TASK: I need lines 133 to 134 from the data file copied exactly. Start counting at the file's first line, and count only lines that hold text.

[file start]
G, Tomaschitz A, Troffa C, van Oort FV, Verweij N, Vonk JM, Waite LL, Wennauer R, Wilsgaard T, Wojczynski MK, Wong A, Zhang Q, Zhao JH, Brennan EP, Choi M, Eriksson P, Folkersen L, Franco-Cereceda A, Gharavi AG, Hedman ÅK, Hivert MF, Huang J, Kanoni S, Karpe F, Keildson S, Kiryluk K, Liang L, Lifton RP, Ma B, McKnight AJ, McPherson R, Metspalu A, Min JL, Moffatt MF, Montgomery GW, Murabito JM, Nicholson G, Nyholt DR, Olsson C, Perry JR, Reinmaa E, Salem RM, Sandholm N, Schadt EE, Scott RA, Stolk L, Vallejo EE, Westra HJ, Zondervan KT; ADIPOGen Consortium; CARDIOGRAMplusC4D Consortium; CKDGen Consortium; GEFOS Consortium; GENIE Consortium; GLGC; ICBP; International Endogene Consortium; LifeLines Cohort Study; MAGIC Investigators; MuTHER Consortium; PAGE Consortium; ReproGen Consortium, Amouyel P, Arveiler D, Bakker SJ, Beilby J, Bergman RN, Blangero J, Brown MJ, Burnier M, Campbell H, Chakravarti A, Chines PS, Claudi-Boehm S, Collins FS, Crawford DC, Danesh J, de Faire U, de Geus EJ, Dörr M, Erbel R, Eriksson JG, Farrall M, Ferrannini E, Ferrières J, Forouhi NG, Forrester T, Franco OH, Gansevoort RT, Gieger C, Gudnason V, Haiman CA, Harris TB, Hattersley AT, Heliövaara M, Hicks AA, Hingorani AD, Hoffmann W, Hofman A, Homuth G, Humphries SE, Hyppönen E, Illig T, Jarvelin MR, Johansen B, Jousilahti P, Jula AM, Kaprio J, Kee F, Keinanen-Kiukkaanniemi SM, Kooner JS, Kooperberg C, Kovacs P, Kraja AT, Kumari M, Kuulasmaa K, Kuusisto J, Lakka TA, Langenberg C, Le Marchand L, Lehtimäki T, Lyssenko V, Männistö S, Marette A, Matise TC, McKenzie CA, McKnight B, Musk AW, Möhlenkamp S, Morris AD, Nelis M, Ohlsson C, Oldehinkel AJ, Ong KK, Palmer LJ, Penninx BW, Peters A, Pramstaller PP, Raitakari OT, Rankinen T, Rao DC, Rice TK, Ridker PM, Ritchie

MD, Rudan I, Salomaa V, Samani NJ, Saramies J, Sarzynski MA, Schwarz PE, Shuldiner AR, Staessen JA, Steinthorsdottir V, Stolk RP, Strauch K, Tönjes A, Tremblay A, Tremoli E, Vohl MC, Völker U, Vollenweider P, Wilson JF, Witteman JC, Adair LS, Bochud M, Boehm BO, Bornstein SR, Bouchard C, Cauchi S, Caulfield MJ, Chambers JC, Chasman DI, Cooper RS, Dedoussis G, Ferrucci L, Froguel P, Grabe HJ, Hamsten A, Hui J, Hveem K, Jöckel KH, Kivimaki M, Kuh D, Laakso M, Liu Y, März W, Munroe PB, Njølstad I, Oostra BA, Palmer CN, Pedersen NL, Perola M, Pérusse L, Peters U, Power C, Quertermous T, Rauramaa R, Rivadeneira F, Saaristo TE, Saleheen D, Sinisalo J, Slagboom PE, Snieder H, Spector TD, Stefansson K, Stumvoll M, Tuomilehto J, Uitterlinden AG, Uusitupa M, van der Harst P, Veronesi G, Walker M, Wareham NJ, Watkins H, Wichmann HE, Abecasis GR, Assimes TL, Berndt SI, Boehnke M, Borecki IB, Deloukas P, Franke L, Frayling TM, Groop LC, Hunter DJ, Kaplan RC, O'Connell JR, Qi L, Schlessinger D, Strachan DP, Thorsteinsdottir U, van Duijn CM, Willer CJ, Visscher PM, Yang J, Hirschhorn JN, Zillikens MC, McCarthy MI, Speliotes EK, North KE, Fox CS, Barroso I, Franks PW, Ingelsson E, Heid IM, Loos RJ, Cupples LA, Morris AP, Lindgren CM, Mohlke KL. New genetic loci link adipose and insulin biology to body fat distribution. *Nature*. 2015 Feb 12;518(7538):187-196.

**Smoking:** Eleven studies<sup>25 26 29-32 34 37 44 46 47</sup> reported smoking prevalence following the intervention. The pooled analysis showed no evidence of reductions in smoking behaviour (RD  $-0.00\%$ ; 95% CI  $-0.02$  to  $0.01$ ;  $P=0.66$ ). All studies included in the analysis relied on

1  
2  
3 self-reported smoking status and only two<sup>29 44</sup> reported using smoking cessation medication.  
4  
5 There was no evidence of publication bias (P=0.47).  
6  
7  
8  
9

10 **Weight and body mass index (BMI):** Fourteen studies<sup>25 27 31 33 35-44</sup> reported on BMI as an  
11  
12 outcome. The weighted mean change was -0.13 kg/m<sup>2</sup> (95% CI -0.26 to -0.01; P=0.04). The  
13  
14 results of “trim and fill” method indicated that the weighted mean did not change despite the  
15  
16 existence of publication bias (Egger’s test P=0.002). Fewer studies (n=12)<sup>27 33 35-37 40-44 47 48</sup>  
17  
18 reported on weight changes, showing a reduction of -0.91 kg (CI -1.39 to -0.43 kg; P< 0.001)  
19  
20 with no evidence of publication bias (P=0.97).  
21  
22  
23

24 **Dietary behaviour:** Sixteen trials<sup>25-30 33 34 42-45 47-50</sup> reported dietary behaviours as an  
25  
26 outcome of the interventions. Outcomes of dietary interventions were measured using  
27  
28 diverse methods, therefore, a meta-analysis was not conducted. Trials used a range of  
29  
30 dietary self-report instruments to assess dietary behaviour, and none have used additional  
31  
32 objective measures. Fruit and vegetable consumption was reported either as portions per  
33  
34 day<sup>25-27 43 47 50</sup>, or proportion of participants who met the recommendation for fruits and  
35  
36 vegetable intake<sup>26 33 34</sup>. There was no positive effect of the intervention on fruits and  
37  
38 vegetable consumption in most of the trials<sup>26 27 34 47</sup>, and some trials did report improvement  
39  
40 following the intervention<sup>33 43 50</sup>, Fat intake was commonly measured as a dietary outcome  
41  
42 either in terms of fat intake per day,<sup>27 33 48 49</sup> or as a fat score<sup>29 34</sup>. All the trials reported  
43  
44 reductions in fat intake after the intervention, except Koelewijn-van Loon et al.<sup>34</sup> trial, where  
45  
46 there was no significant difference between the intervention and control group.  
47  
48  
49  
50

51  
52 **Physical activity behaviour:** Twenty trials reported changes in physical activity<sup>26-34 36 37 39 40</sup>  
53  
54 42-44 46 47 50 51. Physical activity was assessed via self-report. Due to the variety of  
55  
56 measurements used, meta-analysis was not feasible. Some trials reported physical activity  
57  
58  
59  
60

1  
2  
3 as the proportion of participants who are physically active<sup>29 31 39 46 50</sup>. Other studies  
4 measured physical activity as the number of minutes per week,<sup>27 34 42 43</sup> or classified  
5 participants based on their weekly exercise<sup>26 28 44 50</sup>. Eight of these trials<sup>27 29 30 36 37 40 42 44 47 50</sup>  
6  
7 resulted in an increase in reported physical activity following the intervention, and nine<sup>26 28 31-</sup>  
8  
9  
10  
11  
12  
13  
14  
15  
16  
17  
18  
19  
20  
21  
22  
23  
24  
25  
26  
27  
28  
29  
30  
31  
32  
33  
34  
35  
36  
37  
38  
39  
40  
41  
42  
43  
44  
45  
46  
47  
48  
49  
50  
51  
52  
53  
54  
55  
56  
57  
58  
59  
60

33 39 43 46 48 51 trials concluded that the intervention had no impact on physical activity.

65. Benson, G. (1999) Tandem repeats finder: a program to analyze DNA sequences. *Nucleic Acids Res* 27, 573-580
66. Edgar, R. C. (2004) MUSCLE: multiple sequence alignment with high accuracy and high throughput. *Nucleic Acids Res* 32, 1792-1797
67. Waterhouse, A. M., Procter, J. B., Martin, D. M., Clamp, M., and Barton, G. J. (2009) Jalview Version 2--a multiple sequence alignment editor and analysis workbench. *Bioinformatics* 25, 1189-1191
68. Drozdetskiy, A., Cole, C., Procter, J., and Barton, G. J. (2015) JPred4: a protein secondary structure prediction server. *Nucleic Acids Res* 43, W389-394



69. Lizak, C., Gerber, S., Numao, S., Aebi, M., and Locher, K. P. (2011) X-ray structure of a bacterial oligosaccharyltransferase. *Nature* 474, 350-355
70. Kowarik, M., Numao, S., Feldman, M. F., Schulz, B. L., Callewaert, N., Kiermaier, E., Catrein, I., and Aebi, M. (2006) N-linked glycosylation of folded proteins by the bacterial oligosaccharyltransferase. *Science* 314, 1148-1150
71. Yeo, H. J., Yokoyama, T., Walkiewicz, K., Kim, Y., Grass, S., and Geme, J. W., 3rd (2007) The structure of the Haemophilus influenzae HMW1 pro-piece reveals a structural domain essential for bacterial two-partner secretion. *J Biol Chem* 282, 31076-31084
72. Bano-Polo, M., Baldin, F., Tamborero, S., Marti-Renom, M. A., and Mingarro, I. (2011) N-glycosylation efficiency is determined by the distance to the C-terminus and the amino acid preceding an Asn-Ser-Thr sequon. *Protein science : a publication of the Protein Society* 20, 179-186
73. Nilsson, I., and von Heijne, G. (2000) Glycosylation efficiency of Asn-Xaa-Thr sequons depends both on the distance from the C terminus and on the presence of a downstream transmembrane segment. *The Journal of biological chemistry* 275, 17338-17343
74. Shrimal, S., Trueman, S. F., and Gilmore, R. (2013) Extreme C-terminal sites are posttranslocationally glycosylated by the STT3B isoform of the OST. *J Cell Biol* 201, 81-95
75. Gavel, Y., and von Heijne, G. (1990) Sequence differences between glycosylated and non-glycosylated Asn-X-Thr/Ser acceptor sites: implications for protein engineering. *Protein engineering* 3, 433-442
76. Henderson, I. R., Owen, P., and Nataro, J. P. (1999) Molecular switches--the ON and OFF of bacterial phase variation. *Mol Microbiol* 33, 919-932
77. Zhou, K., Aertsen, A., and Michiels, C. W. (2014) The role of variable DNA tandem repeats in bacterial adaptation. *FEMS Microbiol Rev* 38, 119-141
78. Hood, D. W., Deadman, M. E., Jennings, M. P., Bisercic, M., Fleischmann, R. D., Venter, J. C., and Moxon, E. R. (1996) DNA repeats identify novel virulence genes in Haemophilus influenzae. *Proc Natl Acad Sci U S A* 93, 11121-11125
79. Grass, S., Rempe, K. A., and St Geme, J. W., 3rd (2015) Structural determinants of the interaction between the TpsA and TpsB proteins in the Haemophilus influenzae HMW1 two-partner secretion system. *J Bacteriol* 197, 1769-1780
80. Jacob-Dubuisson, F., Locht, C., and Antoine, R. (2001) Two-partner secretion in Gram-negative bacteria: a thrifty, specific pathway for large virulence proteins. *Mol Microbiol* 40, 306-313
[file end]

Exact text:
73. Nilsson, I., and von Heijne, G. (2000) Glycosylation efficiency of Asn-Xaa-Thr sequons depends both on the distance from the C terminus and on the presence of a downstream transmembrane segment. *The Journal of biological chemistry* 275, 17338-17343
74. Shrimal, S., Trueman, S. F., and Gilmore, R. (2013) Extreme C-terminal sites are posttranslocationally glycosylated by the STT3B isoform of the OST. *J Cell Biol* 201, 81-95